Benefits that rock: Why Zappos uses music to promote well-being at work

Zappos’ corporate office may be getting a bit more rhythmic, thanks to the addition of a new wellness benefit.

The online retail giant is offering more than 1,500 employees access to online acoustic and electric guitars, bass and ukulele lessons, thanks to a partnership with Fender Play, an app that provides a step-by-step guide for users to learn an instrument.

The program, called Strum for the Sole, allows workers to play the instruments on the company’s so-called jam room, a space in Zappos’ Las Vegas office that is outfitted with instruments, says Bhawna Provenzano, director of employee benefits and diversity at Zappos. Employees can access the mobile app for free in the jam room and will also receive a discount to sign up for Fender Play on their own.

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“The whole premise for Strum for the Sole is to offer employees the opportunity to learn an instrument,” she says. “It helps build social connections, reduce stress, slow down and express creativity. It’s something new that we wanted to try.”

Provenzano says the music benefit is part of a larger initiative at the company that focuses on physical, mental, social and financial wellness. The company also offers workers a fitness program, financial workshops and on-site counselors, among other benefits. Music can help with mental health by allowing employees to destress and take a break from working, she adds.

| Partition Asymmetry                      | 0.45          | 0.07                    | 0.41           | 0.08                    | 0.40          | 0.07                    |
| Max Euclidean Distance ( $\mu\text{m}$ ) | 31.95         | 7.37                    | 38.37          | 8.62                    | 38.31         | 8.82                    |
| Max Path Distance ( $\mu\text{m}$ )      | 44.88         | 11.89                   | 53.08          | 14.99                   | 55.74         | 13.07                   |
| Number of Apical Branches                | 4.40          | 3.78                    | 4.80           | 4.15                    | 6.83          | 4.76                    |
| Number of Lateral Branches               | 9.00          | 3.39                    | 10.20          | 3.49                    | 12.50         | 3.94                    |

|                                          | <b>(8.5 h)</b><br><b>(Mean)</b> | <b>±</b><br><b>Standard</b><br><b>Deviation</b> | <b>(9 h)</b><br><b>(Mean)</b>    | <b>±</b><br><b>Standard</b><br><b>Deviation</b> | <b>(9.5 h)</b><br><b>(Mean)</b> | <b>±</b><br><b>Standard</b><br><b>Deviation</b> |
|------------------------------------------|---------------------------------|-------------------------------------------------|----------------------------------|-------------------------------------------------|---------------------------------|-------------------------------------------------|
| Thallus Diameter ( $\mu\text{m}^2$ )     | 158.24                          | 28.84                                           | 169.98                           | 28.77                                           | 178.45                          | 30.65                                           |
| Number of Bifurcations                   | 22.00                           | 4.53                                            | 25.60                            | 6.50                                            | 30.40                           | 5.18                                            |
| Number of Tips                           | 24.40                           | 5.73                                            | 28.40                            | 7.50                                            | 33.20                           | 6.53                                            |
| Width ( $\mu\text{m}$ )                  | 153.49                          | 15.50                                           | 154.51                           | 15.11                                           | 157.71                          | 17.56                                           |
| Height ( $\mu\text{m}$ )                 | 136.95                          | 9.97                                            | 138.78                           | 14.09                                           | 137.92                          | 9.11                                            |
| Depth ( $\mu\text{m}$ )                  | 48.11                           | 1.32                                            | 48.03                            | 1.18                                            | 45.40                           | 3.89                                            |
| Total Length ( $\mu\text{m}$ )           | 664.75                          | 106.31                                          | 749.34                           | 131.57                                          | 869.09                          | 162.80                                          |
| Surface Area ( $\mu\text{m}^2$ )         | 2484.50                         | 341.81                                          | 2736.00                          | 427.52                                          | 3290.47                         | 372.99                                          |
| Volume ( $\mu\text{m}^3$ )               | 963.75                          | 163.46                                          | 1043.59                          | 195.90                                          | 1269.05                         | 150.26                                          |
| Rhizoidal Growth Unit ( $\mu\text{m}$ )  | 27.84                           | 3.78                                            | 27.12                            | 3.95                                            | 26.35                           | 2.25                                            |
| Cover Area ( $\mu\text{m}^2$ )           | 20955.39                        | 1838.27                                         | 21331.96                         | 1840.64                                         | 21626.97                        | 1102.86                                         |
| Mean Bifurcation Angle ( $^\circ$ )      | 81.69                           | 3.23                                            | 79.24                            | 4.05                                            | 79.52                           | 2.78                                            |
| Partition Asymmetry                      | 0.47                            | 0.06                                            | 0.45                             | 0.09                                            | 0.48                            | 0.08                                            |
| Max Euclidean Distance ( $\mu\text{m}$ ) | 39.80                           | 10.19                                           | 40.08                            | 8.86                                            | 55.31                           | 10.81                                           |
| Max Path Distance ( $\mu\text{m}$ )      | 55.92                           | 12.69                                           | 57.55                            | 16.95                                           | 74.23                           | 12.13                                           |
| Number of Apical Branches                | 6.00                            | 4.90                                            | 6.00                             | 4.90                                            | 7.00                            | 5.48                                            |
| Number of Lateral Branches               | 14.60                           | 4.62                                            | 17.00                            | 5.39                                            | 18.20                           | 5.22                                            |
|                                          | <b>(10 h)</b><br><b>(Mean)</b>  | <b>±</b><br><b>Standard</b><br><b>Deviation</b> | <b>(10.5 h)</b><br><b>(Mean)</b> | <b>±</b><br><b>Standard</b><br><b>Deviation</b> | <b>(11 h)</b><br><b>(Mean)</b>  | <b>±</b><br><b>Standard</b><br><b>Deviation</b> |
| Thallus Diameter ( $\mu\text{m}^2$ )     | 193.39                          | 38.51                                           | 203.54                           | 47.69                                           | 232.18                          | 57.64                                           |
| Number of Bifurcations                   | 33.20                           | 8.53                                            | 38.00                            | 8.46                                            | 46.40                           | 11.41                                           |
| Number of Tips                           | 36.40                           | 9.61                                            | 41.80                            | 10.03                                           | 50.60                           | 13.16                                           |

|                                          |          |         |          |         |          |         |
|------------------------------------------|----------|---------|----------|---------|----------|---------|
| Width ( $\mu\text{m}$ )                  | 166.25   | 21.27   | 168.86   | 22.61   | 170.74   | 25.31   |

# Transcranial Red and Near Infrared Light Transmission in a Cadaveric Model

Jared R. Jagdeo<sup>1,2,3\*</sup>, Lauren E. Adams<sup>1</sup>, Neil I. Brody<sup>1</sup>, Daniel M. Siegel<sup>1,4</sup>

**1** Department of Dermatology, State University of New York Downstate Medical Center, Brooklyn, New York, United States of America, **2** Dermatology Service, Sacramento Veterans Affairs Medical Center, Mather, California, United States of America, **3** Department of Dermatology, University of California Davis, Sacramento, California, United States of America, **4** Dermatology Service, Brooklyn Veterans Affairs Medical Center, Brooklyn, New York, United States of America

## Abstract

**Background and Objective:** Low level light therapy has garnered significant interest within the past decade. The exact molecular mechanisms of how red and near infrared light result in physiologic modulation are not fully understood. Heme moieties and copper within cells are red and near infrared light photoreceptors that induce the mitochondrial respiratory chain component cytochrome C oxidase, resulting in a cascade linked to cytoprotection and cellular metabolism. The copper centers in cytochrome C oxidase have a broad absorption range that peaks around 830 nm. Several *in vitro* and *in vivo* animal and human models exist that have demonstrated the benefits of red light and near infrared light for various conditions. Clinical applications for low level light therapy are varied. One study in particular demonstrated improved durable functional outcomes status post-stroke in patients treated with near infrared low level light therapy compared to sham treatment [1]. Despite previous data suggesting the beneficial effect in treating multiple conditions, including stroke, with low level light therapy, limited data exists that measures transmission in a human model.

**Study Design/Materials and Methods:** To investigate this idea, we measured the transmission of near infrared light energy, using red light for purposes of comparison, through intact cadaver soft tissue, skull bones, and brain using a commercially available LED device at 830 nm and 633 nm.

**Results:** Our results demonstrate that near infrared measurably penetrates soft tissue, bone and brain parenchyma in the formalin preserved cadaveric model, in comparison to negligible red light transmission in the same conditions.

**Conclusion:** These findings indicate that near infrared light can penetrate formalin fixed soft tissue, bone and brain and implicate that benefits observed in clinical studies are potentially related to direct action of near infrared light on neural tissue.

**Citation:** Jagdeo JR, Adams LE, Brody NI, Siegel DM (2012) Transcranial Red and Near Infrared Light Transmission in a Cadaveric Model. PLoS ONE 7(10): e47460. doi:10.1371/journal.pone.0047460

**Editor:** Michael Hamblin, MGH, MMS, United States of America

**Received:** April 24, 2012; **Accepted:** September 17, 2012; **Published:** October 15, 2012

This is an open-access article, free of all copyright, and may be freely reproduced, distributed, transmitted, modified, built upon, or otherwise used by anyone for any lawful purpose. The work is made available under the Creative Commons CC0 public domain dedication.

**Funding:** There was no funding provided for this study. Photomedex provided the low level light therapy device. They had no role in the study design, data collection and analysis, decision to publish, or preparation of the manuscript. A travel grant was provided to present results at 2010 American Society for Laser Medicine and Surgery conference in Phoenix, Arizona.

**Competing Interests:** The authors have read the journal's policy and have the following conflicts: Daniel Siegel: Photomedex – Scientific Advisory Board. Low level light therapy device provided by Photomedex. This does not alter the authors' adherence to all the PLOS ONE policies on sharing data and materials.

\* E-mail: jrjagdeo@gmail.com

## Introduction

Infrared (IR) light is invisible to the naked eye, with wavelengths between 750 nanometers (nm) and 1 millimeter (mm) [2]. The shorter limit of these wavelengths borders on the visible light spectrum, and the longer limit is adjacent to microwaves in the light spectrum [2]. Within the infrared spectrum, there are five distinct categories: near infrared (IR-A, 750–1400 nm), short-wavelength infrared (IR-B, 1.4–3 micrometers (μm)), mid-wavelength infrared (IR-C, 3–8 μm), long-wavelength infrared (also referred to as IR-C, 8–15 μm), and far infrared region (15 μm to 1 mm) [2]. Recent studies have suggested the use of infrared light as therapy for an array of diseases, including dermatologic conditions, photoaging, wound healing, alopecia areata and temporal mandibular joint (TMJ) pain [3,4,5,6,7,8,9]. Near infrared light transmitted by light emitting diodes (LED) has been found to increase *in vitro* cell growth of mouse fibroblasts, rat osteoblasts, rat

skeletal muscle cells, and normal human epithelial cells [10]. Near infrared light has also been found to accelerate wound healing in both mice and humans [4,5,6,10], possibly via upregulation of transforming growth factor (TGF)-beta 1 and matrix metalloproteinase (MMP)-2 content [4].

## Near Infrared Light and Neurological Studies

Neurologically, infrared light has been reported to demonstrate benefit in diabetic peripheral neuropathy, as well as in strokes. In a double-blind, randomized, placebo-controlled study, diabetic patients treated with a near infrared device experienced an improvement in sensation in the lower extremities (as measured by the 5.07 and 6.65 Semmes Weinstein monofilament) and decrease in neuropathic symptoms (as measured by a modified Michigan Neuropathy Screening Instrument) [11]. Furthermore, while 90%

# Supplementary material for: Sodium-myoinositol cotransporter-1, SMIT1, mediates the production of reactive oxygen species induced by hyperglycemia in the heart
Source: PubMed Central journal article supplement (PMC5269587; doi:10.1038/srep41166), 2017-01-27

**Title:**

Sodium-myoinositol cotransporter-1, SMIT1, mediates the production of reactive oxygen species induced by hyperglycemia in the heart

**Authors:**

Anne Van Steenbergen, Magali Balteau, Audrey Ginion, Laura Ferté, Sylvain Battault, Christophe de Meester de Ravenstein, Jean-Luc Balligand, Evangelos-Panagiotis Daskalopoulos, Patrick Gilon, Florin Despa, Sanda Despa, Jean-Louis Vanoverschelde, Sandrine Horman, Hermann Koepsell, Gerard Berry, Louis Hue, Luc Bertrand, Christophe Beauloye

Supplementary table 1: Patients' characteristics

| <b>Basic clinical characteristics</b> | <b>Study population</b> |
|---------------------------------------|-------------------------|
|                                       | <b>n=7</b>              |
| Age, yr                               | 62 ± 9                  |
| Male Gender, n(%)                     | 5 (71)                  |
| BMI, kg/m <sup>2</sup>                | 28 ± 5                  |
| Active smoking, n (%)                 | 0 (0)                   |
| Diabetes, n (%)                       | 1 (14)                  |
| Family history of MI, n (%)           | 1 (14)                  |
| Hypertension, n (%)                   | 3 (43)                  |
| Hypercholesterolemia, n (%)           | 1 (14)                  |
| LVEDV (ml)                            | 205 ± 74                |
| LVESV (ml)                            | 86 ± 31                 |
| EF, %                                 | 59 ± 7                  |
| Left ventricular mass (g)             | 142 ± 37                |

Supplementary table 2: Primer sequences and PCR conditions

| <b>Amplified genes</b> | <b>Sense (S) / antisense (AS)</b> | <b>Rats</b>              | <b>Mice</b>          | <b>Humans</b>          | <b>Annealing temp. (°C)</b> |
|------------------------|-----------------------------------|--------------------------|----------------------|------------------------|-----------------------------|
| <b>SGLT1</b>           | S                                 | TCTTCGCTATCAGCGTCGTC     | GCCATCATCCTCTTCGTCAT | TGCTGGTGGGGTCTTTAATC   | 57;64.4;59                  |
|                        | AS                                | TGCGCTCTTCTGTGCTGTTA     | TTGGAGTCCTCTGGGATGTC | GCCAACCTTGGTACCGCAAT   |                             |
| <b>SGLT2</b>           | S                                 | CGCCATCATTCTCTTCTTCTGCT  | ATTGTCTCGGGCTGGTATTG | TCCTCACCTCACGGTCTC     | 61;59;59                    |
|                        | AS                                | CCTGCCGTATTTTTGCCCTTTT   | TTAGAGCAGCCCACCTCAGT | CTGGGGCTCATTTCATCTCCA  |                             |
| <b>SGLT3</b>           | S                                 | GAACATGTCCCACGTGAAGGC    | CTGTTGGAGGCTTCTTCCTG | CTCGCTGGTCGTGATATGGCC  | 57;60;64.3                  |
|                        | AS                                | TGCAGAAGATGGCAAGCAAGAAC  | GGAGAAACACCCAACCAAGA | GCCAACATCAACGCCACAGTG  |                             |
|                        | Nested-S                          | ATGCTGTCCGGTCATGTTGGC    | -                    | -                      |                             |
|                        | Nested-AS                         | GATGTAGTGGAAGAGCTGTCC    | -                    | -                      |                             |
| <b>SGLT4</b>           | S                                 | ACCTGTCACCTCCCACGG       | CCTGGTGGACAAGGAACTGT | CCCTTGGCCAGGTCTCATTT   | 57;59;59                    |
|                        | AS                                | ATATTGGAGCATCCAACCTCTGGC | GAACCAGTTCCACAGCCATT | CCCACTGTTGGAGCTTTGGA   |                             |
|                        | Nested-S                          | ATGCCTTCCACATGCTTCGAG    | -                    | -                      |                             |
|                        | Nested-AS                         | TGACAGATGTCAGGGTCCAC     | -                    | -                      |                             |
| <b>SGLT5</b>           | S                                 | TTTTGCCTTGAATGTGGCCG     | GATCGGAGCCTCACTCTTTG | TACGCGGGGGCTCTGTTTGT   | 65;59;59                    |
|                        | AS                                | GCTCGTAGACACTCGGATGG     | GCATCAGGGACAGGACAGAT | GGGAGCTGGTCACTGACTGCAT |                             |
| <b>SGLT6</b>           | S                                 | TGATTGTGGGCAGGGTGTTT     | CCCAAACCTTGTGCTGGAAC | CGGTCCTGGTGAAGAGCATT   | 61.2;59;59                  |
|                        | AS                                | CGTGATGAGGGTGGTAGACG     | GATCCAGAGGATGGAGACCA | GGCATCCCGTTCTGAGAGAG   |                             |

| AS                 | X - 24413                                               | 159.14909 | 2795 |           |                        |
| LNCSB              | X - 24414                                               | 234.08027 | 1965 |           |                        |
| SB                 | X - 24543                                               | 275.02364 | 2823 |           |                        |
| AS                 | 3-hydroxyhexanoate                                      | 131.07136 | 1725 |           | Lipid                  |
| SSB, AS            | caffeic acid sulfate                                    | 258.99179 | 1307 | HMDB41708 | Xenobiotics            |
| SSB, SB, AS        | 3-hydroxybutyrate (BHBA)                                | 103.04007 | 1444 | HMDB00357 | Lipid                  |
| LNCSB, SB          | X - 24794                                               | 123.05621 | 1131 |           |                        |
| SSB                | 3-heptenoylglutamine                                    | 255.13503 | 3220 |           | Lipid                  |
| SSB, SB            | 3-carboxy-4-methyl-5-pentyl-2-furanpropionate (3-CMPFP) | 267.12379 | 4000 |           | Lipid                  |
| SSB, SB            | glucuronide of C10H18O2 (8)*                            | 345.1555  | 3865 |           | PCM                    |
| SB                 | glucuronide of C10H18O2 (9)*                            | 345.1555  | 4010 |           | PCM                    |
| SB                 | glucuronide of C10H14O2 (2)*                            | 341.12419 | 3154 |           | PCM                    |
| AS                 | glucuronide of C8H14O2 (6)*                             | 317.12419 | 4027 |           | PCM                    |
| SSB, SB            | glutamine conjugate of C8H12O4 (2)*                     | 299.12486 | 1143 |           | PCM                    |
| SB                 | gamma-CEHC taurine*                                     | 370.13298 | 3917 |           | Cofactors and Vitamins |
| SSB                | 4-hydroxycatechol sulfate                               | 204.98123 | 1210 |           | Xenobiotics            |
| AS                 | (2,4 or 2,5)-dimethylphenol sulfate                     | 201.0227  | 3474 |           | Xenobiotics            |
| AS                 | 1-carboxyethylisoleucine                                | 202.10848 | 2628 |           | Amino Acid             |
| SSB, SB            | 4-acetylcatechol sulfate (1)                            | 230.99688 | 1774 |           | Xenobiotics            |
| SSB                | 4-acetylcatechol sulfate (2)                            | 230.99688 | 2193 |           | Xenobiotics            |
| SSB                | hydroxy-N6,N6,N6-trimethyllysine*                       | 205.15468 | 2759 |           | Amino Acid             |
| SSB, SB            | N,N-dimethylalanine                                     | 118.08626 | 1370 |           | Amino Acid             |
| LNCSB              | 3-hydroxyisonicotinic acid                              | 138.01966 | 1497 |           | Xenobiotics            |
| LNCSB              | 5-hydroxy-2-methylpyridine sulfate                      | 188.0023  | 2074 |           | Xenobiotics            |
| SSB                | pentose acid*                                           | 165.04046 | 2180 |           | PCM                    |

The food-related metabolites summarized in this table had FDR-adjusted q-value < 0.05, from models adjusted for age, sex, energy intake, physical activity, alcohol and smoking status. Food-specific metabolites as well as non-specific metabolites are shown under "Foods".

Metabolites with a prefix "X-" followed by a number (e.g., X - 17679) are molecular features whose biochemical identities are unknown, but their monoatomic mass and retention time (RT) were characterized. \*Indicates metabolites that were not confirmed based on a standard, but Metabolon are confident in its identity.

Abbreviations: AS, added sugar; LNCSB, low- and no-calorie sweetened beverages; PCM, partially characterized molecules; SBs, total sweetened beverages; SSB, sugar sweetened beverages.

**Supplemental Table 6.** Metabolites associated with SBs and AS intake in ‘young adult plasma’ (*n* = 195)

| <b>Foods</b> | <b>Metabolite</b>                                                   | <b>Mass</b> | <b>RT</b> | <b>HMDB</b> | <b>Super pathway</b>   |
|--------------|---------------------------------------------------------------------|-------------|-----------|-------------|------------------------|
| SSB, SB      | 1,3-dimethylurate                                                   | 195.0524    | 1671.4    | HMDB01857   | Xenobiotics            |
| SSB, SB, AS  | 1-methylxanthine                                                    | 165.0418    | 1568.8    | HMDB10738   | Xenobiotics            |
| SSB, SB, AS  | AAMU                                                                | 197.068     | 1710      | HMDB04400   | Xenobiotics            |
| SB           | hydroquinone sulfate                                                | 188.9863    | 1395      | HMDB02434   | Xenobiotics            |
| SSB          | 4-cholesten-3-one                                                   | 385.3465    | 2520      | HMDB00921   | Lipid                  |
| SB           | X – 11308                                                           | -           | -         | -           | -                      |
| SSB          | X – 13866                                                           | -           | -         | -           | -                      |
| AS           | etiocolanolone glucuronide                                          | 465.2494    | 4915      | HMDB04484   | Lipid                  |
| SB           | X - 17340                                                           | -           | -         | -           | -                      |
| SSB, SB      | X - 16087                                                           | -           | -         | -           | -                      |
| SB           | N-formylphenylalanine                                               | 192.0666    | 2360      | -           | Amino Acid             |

“It helps people exercise their brains and develop more concentration skills,” she says. “All of these things do end up helping with productivity down the line.”

Employers may need to think more critically about their mental wellness benefits. About 32% of employees reported suffering from depression, anxiety or stress in the workplace in the last two years but only 23% reported using their employers well-being program, according to data from Willis Towers Watson.

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Ignoring these mental health issues could come with a hefty price tag for employers. It is estimated that unengaged workers, a consequence of mental health disorders and stress, cost the U.S. between $483 billion to $605 billion a year in lost productivity. About 83% of employers offer mental health coverage, according to data from the Society for Human Resource Management.

But music isn’t just about reducing stress, there are also physical benefits for employees, says Mary Keenan, director of product at Fender Play. Learning an instrument also has benefits for muscle memory and posture.

“It takes a connection between the brain, hands and fingers and posture to be able to pull this off,” Keenan says.

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This new program is a first for both Zappos and Fender Play. Zappos’ employees are piloting the program, which may be expanded in the future, the companies say. Provenzano says she hopes the program will help workers create connections with others in the office and have a positive impact on productivity and collaboration.

“It helps build new bonds and helps people get closer to one another,” she says. “Often times at Zappos that’s where new ideas are born.”

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